Web Exclusives: Letter
from Hong Kong
a PAW web exclusive column by Ed Finn 02 firstname.lastname@example.org
October 9, 2002
plan, a man, a marriage
friends start getting hitched, the left-behinds begin to wonder
It must be a shock for anyone to see their first college classmate
get hitched, but seeing it happen in Taiwan made it all exceptionally
strange for me.
Yes, it's true, I was honored to be a guest at the wedding of
Thomas Tso '02, prodigal roommate of four years standing. He was
duly wed (before my own unbelieving eyes) to Chia Yu Shen '01, the
lovely lady who has stolen him away from a reflective life of Confucian
Needless to say, watching those two stroll down the aisle caused
some introspection, but perhaps not as much as the wedding's fabulous
I arrived in Taipei the day before the wedding. Thomas met me
at the airport and installed me at his parents' home, where I was
very generously put up for the weekend and fed delicious food to
within an inch of my life. I spent that evening and the next day
seeing Taipei with Thomas and other college friends who had also
made the pilgrimage to witness the awful majesty of someone our
age getting married.
After wandering the crowded outdoor markets, the museums, the
temples, and the alleyways, it became clear to me that Taiwan is
an island overflowing with a weird intensity. A determined bustle
permeates all levels of the island's society, from the roadside
vendors of fish and other slimy things to cab drivers who trust
their lives to well-honed brakes and little Buddha statues on the
dashboard. The streets are always packed with locals hurtling onwards
on motorcycles, and it seems like every square foot of available
real estate is somehow harnessed for commercial enterprise.
The cultural point was driven home to me by Thomas's father, a
gregarious Captain of Industry who peppered every conversation with
business advice now when my chance comes to buy a factory
in mainland China, I'll be ready. All this gave me new insight into
where Thomas is coming from how the most laid-back guy I
know is still heading to Harvard in the fall for his J.D. and a
master's in East Asian studies.
The sheer energy level of Taipei and its citizens made me really
curious to see the wedding itself. The event was to be held at the
Grand Hotel, arguably the city's most fabulous nuptial venue. Originally
built as an official reception building for foreign dignitaries,
the Grand Hotel only later opened its doors to the public. It towers
over the city, an elaborate square pagoda structure with huge red
ornaments at each corner encasing hundreds of rooms in a vast filigree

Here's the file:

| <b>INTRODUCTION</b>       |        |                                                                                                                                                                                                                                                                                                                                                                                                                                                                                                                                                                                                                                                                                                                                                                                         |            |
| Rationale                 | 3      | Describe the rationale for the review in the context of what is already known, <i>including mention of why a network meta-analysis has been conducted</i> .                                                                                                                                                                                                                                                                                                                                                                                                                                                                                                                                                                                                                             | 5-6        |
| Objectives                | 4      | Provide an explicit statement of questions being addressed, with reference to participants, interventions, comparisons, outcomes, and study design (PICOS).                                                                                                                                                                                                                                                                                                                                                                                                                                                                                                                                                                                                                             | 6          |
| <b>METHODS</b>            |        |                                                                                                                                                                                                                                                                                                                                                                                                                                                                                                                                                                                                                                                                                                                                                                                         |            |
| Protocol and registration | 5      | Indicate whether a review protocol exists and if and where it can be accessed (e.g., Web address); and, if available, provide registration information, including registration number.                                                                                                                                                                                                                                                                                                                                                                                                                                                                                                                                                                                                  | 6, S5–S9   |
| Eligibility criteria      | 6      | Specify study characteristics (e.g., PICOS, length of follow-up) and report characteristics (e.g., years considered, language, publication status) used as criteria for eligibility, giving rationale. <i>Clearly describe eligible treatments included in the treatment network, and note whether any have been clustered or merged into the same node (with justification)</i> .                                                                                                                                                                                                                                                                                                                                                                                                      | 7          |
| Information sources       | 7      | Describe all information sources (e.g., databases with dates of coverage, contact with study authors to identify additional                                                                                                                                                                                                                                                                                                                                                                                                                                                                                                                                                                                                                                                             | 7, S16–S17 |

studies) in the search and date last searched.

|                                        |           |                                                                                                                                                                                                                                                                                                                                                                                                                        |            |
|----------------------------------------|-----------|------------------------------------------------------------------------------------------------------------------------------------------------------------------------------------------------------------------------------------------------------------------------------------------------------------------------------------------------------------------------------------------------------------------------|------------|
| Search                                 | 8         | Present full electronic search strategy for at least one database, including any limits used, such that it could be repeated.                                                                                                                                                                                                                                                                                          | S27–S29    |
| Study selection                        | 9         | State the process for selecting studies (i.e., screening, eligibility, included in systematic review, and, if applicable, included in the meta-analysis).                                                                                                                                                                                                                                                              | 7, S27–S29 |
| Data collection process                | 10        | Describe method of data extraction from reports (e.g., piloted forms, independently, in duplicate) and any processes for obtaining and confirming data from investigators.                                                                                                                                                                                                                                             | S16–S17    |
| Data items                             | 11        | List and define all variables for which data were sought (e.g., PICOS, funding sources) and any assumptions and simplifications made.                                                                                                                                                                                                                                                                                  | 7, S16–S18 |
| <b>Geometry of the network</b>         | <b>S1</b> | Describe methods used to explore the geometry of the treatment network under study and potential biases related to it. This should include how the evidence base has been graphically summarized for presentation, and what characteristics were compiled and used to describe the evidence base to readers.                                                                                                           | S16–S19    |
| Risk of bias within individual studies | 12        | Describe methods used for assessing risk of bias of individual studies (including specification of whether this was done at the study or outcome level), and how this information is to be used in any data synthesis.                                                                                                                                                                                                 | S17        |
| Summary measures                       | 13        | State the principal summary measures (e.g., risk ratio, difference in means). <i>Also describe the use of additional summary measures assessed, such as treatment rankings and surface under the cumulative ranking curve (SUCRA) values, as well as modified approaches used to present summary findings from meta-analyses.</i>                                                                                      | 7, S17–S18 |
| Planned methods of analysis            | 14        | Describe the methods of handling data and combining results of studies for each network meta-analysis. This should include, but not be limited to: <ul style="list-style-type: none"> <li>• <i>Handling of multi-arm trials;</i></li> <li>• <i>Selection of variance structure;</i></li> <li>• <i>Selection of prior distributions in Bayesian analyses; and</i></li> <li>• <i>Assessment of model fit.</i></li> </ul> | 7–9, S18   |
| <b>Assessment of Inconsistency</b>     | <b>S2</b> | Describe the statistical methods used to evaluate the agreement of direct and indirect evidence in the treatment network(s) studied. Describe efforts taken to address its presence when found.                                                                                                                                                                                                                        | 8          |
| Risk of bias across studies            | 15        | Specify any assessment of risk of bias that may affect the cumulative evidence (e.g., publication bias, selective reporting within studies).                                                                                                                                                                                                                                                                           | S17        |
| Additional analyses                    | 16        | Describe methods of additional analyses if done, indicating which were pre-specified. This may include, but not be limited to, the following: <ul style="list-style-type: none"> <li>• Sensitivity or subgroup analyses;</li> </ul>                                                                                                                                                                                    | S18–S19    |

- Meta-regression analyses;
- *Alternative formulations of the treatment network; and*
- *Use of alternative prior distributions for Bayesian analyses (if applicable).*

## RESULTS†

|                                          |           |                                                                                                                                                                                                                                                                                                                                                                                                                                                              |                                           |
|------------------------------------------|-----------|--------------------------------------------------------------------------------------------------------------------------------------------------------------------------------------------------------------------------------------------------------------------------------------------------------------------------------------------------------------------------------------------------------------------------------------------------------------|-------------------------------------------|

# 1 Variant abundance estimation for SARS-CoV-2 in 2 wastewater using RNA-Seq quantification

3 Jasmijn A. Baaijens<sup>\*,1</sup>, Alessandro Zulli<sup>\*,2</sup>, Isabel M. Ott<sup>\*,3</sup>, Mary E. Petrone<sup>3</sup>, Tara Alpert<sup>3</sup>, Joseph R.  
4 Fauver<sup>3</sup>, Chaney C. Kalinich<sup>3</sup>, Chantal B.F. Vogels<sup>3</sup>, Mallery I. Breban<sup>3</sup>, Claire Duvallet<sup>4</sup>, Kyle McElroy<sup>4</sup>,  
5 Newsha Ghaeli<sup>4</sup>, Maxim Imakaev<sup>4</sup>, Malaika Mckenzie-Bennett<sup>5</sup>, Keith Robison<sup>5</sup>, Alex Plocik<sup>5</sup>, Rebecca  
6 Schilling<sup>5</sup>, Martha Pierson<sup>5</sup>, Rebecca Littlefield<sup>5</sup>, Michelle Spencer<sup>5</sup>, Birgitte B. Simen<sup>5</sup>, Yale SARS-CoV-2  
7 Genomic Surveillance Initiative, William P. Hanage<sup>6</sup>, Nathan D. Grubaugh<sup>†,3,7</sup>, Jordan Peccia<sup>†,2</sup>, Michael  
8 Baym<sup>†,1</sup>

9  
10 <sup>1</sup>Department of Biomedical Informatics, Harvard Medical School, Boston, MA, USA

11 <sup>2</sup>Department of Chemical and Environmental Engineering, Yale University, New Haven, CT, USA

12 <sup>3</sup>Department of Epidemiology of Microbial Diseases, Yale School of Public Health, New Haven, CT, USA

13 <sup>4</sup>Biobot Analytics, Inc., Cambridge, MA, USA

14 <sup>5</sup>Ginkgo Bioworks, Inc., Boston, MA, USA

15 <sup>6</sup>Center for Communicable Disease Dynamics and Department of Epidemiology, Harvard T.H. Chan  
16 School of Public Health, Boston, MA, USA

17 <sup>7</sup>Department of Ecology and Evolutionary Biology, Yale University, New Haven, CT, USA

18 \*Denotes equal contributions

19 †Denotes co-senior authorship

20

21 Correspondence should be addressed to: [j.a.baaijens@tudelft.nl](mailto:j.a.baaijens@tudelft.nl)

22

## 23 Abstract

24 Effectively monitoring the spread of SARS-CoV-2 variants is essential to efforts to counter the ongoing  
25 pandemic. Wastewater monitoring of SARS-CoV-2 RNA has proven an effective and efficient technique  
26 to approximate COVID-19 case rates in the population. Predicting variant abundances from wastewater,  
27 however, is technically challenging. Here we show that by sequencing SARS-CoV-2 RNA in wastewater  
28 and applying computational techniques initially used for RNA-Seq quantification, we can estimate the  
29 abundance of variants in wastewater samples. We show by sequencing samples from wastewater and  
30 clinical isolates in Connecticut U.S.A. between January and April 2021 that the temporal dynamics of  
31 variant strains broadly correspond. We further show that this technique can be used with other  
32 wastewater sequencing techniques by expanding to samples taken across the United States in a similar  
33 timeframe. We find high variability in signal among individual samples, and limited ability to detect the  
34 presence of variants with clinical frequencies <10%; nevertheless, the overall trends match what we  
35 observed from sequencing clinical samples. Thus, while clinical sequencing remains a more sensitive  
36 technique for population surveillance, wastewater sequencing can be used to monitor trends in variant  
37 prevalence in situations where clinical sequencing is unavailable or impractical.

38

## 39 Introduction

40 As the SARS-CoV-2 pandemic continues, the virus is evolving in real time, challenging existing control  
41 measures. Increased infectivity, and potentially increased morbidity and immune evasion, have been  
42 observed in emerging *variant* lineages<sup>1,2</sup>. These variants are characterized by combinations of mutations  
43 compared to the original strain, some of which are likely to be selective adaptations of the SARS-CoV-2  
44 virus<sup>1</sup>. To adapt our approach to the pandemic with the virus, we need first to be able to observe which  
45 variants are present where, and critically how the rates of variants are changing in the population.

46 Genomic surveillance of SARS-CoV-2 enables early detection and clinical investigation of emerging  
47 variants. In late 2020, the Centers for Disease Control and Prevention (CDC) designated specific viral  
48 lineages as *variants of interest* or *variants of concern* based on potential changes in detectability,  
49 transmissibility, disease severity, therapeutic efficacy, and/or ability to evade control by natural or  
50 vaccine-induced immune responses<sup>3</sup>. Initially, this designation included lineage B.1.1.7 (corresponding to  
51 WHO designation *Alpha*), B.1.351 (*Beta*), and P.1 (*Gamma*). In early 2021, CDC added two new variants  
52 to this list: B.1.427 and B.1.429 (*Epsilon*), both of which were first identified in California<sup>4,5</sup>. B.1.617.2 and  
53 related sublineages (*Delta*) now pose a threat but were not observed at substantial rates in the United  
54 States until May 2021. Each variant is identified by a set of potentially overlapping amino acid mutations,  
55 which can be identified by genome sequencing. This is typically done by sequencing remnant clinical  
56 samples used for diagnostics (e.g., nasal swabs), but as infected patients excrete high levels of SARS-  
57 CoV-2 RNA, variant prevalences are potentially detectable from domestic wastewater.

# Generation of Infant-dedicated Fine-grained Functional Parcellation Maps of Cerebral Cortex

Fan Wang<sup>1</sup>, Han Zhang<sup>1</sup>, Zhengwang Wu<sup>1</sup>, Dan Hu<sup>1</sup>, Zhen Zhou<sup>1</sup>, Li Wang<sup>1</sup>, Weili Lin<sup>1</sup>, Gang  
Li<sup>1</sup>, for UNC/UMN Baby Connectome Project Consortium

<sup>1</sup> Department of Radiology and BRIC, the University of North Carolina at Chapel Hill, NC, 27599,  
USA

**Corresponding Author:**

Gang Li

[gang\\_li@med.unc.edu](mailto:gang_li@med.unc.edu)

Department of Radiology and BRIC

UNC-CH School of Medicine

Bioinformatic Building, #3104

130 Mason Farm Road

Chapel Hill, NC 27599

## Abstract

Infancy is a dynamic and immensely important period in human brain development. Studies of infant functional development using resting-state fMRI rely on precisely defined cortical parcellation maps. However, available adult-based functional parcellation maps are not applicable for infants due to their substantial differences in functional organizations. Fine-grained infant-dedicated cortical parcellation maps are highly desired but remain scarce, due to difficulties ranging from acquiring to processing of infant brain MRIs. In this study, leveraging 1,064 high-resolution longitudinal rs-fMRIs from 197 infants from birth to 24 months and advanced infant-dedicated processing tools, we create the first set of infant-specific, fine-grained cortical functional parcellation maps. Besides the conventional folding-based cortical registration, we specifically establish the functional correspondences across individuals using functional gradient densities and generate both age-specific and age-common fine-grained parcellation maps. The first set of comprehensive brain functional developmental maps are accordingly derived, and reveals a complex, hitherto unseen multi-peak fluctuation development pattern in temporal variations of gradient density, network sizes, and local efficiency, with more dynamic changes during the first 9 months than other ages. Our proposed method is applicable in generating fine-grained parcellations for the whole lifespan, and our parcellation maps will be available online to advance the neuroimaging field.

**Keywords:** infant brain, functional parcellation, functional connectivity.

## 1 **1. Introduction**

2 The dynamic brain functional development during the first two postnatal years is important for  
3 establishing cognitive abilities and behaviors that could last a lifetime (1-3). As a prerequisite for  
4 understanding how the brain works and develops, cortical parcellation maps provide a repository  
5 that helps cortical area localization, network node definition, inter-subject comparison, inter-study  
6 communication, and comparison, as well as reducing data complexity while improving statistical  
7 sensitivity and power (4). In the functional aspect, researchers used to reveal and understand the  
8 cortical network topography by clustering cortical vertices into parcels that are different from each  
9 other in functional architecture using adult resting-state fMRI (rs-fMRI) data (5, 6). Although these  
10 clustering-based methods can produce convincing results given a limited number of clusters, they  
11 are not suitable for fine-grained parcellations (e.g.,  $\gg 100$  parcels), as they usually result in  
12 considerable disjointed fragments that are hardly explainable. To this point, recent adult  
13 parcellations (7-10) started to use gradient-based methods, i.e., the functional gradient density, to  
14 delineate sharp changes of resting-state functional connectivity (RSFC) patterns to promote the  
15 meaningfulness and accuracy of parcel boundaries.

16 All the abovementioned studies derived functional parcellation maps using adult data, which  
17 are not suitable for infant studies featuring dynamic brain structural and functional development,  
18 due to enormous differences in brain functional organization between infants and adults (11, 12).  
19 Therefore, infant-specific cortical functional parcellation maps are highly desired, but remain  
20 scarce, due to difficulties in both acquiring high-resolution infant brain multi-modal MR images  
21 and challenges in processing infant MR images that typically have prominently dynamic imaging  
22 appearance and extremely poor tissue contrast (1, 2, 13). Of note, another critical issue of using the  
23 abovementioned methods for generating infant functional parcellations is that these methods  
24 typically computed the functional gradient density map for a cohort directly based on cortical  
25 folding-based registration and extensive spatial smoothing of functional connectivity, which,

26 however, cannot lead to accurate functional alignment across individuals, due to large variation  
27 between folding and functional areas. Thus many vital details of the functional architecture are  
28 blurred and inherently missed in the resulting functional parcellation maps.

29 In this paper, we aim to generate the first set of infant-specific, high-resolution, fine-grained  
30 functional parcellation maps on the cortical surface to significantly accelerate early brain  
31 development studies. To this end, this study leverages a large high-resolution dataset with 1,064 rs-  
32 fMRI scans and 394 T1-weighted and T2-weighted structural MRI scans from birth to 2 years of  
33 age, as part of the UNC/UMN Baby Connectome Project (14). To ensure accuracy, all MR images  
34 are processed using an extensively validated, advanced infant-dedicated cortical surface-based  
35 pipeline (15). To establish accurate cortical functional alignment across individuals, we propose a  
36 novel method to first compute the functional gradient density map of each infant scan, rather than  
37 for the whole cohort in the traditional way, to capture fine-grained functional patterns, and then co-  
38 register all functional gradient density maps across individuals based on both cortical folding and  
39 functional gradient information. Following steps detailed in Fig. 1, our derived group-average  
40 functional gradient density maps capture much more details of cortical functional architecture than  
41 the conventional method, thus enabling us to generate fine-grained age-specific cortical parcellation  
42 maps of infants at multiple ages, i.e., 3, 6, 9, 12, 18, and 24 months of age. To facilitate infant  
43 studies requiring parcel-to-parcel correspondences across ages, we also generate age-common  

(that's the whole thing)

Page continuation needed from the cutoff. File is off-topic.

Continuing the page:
of traditional Chinese architecture. Its hundreds of rooms spawn
out above a cavernous lobby.
On the appointed day we proceeded into this fantastic ornamental
maw and met up with Thomas, who was busily marshalling squadrons
of friends and relations to go hither and yon as the wedding hour
drew nigh. We were instructed to sit at the "college friends
of the groom's side" table, which included three or four of
Thomas's friends and a slew of his father's old university buddies.
At last, the guests had filed in, the musical prelude was over,
and the wedding ceremony was about to begin. The bride and groom
walked down the aisle, with attendant parents and retainers in hot
pursuit, where they encountered a raised dais bracketed by floral
arrangements and twin ice sculptures. The ceremony was all Chinese
to me, but it seemed to lack heavy religious content, focusing instead
on the legal declaration of marriage and the witnessing of documents.
A few speeches later, it was official, and the assembled guests
began digging into their first course with enthusiasm.
The first course was replaced with another and then more and as
the plates whirled before me with dizzying rapidity, I realized
that Thomas was providing my first bona fide 12-course meal. There
was shark-fin soup, fabulous dumplings, delectable fish, and all
manner of traditional Chinese delicacies. Over the course of the
meal, Chia Yu reappeared in no fewer than four different dresses,
each more fabulous than the last. As the meal wound down Thomas,
Chia Yu, and their parents made the rounds, toasting each table
Hours later, the remains of the feast were being rapidly cleared
away even as the last of the banqueters staggered out the doors.
Thomas looked like a man overjoyed in spite of being run over by
a bus. Everything had gone smoothly; in the morning he and Chia
Yu would be flying to Japan for a week's honeymoon before settling
into grad school life. Marriage! It was impossible to believe.
Well, suffice to say I'm not planning on getting hitched anytime
soon, but my little visit to Taiwan certainly made me think. Maybe
we can take the hectic velocity of downtown Taipei as reason enough
for Thomas's accelerated life plan. To be honest, though, it's the
fact that Thomas has a life plan at all that makes him seem a world
away from me. As I learned that weekend, Thomas grew up in a family
with a firm belief in goal-oriented planning, and that's exactly
what he's pursuing (after horrifying them with his undergraduate
pursuit of philosophy). While most of us are floundering around
for a new purpose after countless years of directed education, Thomas
has a plan.
We last saw Thomas in the Grand Hotel's imperial deco lobby, harried
but complete, ready for the next stage in his their
life. We remaining bachelors spent the following morning wandering
the streets of Taipei, where the motorcycles zoomed and tilted with
the same intensity as before. But now I wondered if they really
knew where they were going, and what they hoped to find there. I'm
still on the lookout for my own plan of business.
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